I'm always amazed to find just how efficiently Google is able to answer my questions on just about any topic. This time I searched for "open source collaboration software" and gained a number of new insights into the competitive field of OpenACS. I remember how when I was working for ArsDigita a lot of people would wonder "So the ACS is very cool, but does anybody know what alternatives are out there?". I remember being slightly disturbed by the fact that nobody could give a satisfactory answer to the question. Well, maybe two years ago competition was scarce, but apparently today the world is different.
In the Communications Category at SourceForge there is no shortage of Collaboration software. Here is a small sample (mostly from the two first pages out of 45 with the most active projects) of software with functional overlap with the OpenACS:
- Groupware: PhpCollab, phpCrystal, Moregroupware, PhpGroupware
- Task Management: Internet Task Management System, PHP Helpdesk
- Survey: phpEsp - Survey Application (7 developers)
The list clearly suggests that in the Open Source Groupware realm the PHP and MySQL technologies reign supreme. It seems to me most of those PHP based collaboration software projects tend to be more focused (less comprehensive) than the OpenACS, some are on hold, but others are flourishing. A for OpenACS very encouraging conclusion that I draw though is that a clear leader has yet to emerge in the Open Source groupware field. I find that amazing if you think about how long such software has been around now.
My Google search also brought me to The Open Source Groupware Category at the Open Directory (dmoz.org). Needless to say the OpenACS was missing from this category, and in fact was missing from any category at the Open Directory so I submitted it to a number of suitable categories.
Another intersting finding was collection of article and software that Grant Bowman - the editor of the dmoz category mentionied above - is maintaining. I sent him an email informing him about the OpenACS and dotLRN and I am curious to see what his reaction will be.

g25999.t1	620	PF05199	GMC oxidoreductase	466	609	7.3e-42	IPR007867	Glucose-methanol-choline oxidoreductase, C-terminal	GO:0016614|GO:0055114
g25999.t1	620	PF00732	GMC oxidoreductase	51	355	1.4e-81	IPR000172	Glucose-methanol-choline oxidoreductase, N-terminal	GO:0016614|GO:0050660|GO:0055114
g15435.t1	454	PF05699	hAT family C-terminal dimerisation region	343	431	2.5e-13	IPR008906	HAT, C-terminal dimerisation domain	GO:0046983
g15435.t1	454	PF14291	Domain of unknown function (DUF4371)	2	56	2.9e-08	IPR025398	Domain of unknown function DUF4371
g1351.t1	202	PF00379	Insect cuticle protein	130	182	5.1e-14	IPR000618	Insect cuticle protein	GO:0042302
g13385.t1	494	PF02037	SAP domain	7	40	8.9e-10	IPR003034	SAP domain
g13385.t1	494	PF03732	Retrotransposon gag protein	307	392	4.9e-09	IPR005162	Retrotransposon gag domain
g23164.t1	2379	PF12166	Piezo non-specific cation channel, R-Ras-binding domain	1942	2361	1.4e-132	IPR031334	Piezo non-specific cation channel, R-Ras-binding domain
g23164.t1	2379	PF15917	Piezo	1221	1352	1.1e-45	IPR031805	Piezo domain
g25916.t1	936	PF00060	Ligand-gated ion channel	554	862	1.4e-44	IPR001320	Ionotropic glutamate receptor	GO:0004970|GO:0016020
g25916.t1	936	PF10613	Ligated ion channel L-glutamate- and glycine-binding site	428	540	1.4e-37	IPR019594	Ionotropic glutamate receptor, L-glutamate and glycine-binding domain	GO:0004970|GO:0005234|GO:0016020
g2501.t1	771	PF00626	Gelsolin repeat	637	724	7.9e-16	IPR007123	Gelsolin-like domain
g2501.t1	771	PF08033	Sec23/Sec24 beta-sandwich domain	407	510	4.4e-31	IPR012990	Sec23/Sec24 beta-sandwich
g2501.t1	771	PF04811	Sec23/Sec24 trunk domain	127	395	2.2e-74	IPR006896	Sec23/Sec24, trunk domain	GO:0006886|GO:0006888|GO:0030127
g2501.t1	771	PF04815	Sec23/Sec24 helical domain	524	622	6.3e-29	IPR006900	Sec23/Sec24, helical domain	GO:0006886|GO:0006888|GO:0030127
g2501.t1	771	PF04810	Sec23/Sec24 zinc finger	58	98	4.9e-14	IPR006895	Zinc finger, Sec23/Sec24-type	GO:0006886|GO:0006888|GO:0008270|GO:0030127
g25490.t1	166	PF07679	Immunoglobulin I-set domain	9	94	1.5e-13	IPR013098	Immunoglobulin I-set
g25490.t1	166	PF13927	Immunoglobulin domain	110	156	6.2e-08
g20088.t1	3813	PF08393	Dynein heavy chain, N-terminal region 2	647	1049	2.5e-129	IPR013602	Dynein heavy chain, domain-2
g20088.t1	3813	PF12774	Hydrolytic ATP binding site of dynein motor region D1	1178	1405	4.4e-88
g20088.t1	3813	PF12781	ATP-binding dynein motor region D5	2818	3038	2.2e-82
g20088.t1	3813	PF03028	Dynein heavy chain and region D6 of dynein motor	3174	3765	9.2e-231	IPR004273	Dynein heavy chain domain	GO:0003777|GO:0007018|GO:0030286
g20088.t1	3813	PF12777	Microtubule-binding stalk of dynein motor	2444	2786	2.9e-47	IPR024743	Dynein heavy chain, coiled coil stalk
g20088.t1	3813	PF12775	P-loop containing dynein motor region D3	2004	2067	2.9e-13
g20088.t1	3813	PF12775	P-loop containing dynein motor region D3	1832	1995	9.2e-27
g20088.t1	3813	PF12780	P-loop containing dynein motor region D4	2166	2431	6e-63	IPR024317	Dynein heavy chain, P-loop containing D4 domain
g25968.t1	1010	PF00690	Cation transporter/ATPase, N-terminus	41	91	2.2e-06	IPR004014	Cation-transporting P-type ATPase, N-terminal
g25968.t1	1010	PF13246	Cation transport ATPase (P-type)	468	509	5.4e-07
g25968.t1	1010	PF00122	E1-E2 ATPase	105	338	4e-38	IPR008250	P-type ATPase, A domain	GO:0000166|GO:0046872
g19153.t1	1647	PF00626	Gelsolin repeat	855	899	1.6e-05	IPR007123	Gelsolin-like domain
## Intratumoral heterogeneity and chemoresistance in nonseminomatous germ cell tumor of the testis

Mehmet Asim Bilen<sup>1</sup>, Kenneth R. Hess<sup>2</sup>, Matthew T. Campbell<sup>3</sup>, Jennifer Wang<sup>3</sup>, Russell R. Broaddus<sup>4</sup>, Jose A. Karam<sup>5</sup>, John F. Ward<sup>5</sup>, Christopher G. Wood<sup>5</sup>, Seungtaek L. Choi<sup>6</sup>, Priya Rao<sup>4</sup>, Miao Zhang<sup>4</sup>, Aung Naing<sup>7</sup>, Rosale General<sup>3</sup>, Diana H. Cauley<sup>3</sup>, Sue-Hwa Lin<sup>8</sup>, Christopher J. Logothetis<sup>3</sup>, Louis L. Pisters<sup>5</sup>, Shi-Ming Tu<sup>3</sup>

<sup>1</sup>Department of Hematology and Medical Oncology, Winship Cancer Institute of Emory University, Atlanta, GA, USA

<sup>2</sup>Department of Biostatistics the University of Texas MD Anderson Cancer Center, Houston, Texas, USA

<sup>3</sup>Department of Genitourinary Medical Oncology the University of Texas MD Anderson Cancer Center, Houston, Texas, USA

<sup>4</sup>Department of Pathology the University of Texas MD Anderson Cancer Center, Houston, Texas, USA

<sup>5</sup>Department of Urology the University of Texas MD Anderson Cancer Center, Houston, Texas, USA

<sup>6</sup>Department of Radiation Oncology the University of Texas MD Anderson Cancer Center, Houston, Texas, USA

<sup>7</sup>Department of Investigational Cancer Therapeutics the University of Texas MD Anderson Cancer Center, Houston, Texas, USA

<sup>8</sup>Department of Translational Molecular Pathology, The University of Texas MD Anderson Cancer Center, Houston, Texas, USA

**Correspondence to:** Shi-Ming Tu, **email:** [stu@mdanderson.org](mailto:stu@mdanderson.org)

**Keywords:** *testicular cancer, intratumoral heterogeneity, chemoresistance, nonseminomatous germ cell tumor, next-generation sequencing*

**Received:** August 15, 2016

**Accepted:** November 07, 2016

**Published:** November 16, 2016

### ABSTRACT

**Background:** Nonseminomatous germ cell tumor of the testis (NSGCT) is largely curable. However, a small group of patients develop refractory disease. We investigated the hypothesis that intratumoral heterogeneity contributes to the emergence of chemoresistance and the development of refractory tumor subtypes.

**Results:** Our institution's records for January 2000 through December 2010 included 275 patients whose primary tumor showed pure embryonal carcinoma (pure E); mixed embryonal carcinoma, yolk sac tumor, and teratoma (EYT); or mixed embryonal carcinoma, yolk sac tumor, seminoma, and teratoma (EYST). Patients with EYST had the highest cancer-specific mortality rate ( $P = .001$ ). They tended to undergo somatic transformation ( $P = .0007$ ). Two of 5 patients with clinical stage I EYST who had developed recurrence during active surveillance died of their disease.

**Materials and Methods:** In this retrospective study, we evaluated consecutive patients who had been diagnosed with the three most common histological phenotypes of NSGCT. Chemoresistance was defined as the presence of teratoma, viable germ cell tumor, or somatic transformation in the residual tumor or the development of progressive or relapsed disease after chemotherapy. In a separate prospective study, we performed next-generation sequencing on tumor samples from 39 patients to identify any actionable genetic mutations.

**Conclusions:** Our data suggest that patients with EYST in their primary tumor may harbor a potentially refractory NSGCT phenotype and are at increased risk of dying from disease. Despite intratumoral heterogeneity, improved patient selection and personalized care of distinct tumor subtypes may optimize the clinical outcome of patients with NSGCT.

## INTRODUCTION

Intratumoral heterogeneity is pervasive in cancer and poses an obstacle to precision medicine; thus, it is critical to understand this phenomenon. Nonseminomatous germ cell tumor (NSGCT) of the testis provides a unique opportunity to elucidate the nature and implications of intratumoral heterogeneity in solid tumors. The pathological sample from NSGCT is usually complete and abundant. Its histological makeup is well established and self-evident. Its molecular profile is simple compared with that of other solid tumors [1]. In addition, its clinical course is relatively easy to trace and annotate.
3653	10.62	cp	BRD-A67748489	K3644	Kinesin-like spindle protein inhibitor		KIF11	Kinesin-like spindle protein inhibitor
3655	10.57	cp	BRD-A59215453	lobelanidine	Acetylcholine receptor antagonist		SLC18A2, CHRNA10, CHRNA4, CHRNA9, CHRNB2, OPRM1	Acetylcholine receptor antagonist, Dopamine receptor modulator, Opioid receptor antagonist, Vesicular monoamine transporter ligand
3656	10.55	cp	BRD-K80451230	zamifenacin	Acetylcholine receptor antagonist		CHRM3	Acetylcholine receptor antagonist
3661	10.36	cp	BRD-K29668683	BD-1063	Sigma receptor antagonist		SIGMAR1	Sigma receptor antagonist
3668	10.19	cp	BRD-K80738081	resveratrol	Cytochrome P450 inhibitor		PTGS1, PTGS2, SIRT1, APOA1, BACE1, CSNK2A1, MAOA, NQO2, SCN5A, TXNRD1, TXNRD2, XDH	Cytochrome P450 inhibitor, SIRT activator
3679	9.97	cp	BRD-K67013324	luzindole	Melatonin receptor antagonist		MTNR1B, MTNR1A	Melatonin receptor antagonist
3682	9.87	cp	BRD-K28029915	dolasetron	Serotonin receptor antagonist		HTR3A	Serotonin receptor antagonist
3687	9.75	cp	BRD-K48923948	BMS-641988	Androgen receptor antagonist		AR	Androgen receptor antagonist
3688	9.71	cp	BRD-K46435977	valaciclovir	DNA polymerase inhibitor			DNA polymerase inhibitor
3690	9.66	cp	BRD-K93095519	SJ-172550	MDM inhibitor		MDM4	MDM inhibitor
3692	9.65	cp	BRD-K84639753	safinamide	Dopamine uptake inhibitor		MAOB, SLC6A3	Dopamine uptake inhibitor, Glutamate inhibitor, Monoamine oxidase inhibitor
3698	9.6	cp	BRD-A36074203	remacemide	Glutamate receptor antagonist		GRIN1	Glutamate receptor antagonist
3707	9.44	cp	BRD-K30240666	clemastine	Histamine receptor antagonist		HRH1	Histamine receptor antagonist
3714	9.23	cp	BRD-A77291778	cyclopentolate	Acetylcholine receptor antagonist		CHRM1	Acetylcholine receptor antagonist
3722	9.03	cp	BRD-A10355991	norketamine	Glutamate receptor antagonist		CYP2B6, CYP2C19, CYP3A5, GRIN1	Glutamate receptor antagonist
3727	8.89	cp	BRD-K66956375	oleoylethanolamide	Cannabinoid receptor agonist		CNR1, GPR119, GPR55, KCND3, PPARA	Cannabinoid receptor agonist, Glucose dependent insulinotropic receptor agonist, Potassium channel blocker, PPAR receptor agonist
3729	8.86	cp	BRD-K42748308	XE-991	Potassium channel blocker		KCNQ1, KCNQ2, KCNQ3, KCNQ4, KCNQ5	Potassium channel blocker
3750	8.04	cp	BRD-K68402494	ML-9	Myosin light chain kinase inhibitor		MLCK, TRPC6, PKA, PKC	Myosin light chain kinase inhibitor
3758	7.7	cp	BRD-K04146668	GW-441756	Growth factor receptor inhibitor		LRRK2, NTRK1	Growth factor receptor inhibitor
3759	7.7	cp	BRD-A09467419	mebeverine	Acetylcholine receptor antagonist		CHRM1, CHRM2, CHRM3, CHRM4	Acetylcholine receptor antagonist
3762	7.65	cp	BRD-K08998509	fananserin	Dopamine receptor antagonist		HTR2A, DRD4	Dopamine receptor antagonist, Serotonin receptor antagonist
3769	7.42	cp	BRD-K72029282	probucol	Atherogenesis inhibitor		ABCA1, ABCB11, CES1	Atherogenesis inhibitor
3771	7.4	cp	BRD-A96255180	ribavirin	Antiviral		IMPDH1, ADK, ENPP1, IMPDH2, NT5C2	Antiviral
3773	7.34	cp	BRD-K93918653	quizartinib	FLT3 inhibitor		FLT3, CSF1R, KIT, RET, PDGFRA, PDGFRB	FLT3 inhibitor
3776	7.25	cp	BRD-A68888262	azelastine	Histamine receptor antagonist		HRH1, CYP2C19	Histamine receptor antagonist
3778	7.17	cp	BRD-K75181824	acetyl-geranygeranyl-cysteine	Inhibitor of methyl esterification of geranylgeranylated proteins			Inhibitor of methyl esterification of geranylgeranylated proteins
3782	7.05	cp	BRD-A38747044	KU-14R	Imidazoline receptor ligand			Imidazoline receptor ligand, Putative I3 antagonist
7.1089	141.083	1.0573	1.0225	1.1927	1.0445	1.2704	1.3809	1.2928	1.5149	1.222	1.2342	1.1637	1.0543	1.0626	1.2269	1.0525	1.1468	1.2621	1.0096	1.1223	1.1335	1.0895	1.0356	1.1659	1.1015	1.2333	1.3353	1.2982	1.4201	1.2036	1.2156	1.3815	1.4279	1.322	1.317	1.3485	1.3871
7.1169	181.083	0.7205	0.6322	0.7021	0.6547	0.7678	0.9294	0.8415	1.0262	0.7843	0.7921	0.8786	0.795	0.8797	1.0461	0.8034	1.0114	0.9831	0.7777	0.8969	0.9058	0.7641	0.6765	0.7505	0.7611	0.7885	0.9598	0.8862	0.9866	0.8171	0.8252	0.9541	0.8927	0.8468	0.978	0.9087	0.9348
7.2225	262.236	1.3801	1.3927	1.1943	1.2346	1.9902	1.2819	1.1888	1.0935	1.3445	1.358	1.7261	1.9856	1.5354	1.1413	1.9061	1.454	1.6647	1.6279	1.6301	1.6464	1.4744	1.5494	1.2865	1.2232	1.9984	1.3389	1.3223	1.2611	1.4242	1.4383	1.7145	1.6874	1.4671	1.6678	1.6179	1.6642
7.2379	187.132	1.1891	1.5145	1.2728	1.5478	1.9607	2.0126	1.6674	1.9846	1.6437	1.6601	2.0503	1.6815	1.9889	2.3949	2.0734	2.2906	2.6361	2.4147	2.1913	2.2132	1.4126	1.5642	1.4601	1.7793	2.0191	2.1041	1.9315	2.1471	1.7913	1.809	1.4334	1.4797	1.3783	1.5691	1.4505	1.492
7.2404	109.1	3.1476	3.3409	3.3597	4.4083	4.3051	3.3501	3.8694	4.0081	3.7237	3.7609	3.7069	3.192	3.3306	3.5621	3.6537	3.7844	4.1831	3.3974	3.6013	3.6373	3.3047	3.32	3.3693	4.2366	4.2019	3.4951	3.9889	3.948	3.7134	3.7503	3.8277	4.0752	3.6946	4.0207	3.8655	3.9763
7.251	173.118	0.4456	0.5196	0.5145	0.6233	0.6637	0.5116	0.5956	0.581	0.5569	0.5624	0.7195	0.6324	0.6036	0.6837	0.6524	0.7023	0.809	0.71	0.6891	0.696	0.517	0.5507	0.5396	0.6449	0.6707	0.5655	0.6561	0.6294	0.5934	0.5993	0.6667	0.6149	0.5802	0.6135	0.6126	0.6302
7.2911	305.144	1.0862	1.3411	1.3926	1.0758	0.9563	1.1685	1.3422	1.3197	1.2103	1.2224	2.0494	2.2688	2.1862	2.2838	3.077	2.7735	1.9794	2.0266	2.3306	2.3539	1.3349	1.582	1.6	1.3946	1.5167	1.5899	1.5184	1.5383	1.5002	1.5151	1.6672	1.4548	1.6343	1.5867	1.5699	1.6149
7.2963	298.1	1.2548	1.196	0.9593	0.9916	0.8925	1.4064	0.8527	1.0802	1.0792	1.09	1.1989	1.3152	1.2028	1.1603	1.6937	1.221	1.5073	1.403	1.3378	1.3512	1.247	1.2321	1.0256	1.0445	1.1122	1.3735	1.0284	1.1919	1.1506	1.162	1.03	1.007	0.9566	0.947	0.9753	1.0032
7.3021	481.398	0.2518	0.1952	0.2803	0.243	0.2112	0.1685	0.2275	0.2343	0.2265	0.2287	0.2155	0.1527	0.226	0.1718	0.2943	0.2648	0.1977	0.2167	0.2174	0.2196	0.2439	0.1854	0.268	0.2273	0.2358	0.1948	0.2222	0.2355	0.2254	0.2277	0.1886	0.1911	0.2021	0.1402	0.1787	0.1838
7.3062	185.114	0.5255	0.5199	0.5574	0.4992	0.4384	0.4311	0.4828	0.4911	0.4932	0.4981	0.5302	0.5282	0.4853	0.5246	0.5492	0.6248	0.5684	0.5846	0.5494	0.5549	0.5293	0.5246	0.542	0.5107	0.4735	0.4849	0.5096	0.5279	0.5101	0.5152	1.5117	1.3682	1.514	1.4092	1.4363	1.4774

It seems to me Philip Greenspun and ArsDigita suffered from a technical hubris that led us to not only neglect marketing but also neglect software developed outside the company. We were mislead by premises along the lines of: 1) We have world-class developers and are technically superior to the rest of the industry, and 2) Our technical supremacy will sooner or later be apparent to the rest of the world, so we don't need to market ourselves, people will come to us. During the IT hype Philip was able to get away with this approach, and yes, Philip was a great evangelist and had a amazing talent for attracting highly skilled developers. Unfortunately technical hubris can come with a high price tag. ArsDigita failed to market itself in the corporate world and also failed at building up an Open Source community.
Eventhough this was a very small investigation, and eventhough I am very tired now that I am writing this, I will venture to draw some tentative conclusions. First of all I firmly belive that OpenACS is a *very* sophisticated and comprehensive platform that holds great promise and still stands up well to the competition. The recent push of dotLRN is very welcome and has helped raise the quality significantly of many of our most important applications. But, there are a lot of similar open source software brewing out there and I do *not* think that the OpenACS can maintain its lead unless we drastically start expanding our community of developers and clients. Such an expansion is not likely to happen as long as the rest of the world doesn't even know that the OpenACS exists. So then the non-trivial question beckons: which channels do we use to expose ourselves to the world, and who will have the time and energy to make this happen? I alone cannot answer this question but I hope that this posting will provoke some ideas and help stimulate the improvements that the OpenACS project needs if it is to thrive well into the future.